February 22, 2013
For the third time this season, the San Jose Chamber Music Society faced a medical crisis in its scheduled performing ensemble. And for the third time, the intrepid management arranged for a more than satisfactory solution. The members of the Escher Quartet had about a month to prepare to substitute for the Auryn Quartet in a two-program, all-Beethoven festival at Le Petit Trianon on Friday and Saturday. They swapped out a couple of pieces for ones they’d played more recently, and they put on a well-rehearsed and convincing show on Friday. I was unable to attend Saturday’s concert, after which the young and vigorous musicians were scheduled immediately to jet back home to New York on the red-eye to be ready for gigs there on Sunday afternoon.
At the postconcert conversation on Friday, the Escher’s new second violinist, Aaron Boyd, spoke of his admiration for the Guarneri Quartet, and of how much he had learned from playing chamber music at the Music at Marlboro festival with their cellist, the late David Soyer. First violinist Adam Barnett-Hart and violist Pierre Lapointe, the remaining founding members of the Escher group, stared at him in amazement. Soyer had been their first coach. Maybe, they suggested, this newly realized shared heritage is why Boyd fit so well into the ensemble.
Certainly Dane Johansen, the Escher cellist, snuggles in the same groove. His playing has the deep bass assertiveness that Soyer’s was known for. Johansen is so rocklike and secure in his deeper register that he sounds relatively strained and awkward at the high end, something that Beethoven calls for frequently in his Quartet in A Minor, Op. 132, which concluded this concert.
Rich, organlike sonority from the four sounding together … gave great intensity to much of the evening’s music.
Barnett-Hart, by contrast, soars like a hawk to the highest peak, playing with piercing intensity the notes that poor, deaf Beethoven would have been least likely to be able to hear. He sets an impression of shrillness, constantly surprising the listener by sounding actually less shrill than he seemed to be playing earlier. Boyd’s tone is far softer and more gentle; he is the most graceful performer in the quartet. Lapointe sits off to the side, and plays appropriately, with a varying, often gruff tone that sticks out.
The Escher Quartet’s resemblance to the Guarneri Quartet is perceptible in its general approach and style. These players perform with the sort of stiff grandeur that I associate with the older group. This is often a highly admirable thing. Rich, organlike sonority from the four sounding together, accompanied by powerful tension in crescendos and at other critical spots in the structure, gave great intensity to much of the evening’s music, in particular the first movement of the Quartet in E Minor, Op. 59, No. 2, which opened the concert. Fast exchanges of brief phrases in its finale, more fiery than in good humor, were lightning-quick and elegantly presented. What were too often missing were the melting beauty in Beethoven’s melodies and the eager bounce in his lighter fast music. The Escher Quartet spoke these parts fluently enough, just usually not as if it were a native tongue. It could only be called disappointing in contrast with the brilliance elsewhere.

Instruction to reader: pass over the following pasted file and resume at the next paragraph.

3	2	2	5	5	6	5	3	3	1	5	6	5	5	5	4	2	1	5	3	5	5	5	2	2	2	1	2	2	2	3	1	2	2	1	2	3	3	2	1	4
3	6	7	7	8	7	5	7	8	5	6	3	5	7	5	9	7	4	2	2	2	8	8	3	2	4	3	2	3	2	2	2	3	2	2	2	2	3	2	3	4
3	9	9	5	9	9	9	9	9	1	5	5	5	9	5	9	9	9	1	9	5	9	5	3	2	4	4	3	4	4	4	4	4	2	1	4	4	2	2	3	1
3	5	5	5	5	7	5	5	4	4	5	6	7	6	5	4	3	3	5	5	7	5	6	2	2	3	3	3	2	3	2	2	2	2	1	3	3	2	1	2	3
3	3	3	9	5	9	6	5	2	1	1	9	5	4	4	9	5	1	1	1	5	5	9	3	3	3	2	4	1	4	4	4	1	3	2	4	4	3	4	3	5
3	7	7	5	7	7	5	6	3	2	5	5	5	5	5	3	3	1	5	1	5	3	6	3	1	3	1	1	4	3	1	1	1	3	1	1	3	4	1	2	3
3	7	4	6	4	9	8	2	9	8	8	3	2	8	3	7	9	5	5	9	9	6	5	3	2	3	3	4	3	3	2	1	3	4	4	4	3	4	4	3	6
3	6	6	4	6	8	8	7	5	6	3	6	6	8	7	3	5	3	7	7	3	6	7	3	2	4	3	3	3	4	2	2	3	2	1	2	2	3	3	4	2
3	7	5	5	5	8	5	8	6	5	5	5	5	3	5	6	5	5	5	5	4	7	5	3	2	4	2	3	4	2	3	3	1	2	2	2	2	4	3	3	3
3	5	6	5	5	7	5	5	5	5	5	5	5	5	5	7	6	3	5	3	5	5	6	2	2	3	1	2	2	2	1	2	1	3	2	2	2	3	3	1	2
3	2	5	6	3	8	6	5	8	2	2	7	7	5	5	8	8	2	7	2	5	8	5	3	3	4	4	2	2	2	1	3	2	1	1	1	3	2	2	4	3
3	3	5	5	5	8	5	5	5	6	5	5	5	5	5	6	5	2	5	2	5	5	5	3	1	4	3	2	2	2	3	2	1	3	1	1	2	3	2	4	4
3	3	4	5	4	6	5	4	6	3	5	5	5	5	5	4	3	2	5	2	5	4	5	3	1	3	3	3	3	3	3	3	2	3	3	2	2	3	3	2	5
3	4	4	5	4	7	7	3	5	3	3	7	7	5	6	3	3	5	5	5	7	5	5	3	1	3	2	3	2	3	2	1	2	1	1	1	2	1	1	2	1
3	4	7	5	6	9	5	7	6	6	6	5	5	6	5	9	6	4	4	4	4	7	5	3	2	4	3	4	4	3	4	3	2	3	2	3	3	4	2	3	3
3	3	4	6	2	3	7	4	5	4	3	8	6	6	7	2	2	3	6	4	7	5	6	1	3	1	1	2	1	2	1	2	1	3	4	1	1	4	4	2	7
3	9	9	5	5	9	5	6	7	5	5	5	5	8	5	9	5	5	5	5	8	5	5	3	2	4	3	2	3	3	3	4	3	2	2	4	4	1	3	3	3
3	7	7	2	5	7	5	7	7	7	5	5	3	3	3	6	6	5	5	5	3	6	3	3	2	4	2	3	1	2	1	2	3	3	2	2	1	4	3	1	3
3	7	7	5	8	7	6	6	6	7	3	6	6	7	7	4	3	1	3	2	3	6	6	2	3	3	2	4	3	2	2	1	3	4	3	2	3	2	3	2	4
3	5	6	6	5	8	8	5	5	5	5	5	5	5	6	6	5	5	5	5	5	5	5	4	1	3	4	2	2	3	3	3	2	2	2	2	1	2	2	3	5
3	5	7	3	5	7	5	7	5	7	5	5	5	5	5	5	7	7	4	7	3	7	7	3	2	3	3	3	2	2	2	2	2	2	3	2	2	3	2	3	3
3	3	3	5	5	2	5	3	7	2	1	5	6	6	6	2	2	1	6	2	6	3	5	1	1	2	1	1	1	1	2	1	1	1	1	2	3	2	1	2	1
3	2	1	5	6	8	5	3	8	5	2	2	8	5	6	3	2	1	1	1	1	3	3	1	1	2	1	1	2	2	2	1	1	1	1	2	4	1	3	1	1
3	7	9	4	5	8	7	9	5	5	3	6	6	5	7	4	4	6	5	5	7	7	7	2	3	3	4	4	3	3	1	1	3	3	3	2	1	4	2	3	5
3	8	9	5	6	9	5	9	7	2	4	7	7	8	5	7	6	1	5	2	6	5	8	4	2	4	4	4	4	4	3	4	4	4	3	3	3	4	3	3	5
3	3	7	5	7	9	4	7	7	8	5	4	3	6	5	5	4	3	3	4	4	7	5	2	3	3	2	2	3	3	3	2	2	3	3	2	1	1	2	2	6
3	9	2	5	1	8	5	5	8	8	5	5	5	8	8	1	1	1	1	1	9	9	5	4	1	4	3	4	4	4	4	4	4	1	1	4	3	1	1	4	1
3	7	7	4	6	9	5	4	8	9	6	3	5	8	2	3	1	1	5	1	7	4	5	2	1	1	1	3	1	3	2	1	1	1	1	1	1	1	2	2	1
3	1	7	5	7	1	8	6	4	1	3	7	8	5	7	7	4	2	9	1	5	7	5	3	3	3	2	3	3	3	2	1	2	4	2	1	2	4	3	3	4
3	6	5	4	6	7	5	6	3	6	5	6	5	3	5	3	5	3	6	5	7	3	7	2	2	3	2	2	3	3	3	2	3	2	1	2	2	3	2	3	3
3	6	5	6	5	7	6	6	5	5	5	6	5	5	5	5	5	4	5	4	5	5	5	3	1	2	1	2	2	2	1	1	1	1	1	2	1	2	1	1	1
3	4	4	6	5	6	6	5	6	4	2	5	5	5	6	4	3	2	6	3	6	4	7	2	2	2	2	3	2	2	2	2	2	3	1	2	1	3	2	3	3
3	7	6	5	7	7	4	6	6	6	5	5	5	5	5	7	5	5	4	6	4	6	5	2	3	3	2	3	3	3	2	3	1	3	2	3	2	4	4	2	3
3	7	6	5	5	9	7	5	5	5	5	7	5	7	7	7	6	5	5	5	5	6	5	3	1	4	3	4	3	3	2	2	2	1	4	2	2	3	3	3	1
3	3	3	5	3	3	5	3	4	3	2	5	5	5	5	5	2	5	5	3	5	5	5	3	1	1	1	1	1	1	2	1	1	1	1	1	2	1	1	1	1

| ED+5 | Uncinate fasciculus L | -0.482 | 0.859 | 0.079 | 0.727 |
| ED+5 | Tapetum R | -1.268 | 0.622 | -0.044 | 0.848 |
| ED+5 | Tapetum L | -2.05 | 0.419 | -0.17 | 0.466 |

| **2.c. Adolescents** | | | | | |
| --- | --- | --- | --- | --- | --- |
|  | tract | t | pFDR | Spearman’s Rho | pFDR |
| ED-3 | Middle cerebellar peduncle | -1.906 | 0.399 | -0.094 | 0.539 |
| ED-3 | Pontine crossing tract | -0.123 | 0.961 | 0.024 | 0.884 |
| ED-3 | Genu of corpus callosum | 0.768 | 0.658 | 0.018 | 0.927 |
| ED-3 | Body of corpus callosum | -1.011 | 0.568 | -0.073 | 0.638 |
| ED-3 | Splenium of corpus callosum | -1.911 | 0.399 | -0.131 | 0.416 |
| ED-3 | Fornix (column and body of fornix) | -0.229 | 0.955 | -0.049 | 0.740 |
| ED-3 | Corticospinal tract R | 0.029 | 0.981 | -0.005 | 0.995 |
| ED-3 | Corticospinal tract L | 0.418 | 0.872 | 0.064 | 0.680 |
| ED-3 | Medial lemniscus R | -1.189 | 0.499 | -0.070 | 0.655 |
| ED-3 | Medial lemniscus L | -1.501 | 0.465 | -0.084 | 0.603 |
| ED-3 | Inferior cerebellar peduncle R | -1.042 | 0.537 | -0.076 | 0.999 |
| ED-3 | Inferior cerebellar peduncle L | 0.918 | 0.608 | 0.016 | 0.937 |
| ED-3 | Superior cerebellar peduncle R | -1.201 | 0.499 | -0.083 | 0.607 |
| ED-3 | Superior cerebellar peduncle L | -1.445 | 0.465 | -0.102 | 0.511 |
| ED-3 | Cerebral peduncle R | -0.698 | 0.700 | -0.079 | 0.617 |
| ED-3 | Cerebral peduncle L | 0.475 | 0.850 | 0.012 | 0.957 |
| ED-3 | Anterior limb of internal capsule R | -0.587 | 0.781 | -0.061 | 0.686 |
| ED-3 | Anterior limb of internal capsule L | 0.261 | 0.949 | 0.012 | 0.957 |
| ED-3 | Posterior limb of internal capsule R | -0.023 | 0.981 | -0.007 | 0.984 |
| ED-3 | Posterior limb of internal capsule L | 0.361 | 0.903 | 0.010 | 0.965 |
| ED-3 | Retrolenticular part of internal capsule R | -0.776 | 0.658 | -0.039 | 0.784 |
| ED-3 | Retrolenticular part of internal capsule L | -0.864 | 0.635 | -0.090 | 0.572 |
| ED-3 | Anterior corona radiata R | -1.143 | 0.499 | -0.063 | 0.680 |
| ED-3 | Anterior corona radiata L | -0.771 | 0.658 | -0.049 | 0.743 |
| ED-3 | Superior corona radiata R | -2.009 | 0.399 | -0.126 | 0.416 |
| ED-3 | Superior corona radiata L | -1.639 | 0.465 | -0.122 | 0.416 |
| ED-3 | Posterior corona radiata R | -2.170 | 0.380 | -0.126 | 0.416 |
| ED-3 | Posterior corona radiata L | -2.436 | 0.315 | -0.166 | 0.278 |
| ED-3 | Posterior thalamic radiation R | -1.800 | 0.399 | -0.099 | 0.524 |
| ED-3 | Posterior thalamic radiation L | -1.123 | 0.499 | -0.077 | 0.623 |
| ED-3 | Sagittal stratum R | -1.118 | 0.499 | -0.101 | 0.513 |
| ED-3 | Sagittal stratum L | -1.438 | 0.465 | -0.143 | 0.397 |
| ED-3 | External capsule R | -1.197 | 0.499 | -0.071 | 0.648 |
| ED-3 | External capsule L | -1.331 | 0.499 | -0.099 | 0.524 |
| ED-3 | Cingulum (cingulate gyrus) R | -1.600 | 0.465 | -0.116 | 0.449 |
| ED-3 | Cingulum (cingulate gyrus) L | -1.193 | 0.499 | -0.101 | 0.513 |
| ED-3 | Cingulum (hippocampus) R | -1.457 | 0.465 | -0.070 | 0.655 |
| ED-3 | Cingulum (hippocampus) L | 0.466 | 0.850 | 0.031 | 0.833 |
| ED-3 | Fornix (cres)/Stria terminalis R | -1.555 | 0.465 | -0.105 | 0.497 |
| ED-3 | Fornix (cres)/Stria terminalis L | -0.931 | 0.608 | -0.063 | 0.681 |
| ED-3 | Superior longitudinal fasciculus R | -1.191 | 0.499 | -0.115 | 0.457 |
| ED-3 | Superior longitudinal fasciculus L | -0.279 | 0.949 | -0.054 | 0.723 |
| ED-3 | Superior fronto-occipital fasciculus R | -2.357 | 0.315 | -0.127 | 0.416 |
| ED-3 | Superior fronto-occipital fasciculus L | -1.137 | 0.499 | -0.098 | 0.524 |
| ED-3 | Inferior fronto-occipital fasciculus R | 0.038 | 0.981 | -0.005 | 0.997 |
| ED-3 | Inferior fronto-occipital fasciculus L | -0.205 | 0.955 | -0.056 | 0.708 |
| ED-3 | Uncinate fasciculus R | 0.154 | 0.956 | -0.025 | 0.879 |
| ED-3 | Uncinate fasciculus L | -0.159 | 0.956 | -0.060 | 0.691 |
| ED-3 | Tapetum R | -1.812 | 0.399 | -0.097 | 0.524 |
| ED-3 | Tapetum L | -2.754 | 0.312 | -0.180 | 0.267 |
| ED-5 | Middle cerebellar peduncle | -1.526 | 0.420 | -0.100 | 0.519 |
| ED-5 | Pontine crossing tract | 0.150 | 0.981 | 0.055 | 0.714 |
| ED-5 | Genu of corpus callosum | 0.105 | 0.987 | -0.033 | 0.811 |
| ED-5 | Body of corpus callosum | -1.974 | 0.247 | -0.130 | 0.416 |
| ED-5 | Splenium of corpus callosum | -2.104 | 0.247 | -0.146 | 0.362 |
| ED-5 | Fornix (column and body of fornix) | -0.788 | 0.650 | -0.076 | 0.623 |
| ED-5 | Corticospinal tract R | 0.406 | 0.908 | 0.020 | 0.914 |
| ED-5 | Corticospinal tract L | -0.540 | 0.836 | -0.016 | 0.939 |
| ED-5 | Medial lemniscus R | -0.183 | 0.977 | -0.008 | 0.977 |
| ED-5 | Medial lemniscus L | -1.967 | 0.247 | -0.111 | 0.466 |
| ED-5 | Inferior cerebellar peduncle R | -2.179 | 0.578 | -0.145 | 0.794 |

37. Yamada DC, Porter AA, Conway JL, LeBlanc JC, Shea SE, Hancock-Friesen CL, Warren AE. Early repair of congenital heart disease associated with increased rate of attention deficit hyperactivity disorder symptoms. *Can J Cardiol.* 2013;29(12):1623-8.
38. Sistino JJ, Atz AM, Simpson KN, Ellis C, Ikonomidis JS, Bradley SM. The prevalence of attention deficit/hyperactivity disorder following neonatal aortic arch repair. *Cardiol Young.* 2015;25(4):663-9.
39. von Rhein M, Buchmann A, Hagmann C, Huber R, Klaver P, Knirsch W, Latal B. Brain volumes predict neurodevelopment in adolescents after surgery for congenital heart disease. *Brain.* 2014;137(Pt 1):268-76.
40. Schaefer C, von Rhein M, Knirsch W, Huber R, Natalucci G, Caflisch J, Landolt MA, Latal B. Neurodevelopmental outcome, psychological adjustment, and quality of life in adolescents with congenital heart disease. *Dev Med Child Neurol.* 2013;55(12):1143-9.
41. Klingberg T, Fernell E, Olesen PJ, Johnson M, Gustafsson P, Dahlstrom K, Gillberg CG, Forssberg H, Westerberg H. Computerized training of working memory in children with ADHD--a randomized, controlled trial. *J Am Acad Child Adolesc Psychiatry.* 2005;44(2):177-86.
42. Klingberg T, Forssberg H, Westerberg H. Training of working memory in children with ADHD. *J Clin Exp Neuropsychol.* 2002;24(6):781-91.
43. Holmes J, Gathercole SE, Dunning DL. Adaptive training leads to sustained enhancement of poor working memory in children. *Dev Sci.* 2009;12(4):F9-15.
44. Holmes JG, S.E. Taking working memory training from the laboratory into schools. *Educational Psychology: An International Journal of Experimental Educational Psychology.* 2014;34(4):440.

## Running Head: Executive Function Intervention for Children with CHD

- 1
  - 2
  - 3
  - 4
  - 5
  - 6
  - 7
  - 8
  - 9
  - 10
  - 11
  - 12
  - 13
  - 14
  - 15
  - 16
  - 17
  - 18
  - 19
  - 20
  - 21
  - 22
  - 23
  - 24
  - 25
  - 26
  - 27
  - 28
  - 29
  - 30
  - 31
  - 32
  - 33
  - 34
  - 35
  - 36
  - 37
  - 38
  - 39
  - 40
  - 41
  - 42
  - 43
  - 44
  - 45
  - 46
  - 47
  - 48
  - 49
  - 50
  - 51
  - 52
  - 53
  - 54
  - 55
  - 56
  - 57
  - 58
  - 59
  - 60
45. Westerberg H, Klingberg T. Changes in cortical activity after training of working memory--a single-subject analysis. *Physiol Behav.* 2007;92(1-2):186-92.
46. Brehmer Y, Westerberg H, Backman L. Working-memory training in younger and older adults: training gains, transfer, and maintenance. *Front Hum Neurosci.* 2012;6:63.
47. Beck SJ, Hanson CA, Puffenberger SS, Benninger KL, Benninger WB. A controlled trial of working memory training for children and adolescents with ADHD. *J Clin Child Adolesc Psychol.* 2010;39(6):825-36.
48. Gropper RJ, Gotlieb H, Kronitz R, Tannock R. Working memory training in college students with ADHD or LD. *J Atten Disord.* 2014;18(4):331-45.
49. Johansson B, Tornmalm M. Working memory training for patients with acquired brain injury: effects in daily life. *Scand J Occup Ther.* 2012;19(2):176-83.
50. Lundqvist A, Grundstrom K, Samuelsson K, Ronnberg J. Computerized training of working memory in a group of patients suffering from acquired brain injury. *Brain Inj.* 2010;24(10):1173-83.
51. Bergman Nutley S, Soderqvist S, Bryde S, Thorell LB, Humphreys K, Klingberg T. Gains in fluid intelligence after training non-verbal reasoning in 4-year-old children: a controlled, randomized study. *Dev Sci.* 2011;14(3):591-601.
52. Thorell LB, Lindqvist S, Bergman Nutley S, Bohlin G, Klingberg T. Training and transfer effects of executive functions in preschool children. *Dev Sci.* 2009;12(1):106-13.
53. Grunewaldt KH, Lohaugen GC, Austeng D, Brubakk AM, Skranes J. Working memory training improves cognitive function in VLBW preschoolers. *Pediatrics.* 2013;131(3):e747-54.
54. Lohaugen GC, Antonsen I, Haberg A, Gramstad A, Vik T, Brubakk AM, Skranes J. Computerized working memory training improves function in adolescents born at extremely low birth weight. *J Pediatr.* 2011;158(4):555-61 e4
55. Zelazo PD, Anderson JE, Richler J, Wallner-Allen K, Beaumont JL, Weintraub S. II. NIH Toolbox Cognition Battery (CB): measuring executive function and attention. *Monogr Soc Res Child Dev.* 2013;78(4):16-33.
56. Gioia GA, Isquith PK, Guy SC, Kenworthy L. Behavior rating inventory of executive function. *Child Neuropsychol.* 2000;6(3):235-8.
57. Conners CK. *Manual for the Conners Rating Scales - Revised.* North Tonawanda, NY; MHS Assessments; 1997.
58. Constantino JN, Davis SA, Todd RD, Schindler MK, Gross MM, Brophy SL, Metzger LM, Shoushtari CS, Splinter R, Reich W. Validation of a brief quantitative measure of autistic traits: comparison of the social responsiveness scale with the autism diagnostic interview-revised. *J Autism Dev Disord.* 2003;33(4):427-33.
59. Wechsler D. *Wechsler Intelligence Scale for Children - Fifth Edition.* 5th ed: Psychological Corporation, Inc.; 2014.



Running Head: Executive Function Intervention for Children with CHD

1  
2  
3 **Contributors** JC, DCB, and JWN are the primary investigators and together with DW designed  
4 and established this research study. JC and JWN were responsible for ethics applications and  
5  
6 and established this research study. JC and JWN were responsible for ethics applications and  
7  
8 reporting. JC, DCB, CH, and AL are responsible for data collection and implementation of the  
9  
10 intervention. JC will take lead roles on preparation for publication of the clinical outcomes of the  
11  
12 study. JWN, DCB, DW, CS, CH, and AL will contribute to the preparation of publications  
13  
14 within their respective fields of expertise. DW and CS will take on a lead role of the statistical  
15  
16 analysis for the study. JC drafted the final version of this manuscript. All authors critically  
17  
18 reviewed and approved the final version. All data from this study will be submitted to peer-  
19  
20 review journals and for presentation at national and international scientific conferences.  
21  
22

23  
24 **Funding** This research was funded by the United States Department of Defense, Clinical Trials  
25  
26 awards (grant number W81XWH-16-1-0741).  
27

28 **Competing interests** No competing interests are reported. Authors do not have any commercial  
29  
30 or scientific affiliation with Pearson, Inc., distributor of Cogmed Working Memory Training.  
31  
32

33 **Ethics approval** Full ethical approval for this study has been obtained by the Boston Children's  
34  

The finale redeemed much. It was spoken quickly, with eloquent facility.
The grace and lyricism that seemed to be missing from the slow movement of Op. 59, No. 2, were found in the gentle opening movement of the third work on the program, the Quartet in D Major, Op. 18, No. 3. If only the Op. 59, No. 2, slow movement could have been played with such a winning mixture of heat and lyricism as was heard in Op. 18, No. 3! In this quartet, too, the slow movement was the least convincing part. Marked Andante con moto, and thus not very slow, it needs rhythmic flexibility. Again, the finale redeemed much. It was spoken quickly, with eloquent facility.
Any qualms were forgiven, however, after the Escher came to the central slow movement of Op. 132. This epically long “Convalescent’s Holy Song of Thanksgiving,” as the composer labeled it, interleaves long sequences of slow, hymnlike chords with two lighter episodes expressing cautious cheer at his return to health. If this was not quite the slowest possible performance of the hymn, it was entirely slow enough. Strong, wide voicing in the ensemble and profoundly deep notes on the cello kept it riveting. If Beethoven did not bound out of bed and dance in the intermediate episodes, never did he sound physically healthier than in this performance.
After that, Op. 132 wraps up quickly and, in this performance, most satisfactorily. A brief march was gratifyingly bouncy, the transition to the finale darker and full of expectation, and the finale insistently pulling forward, with the grace of the best performances.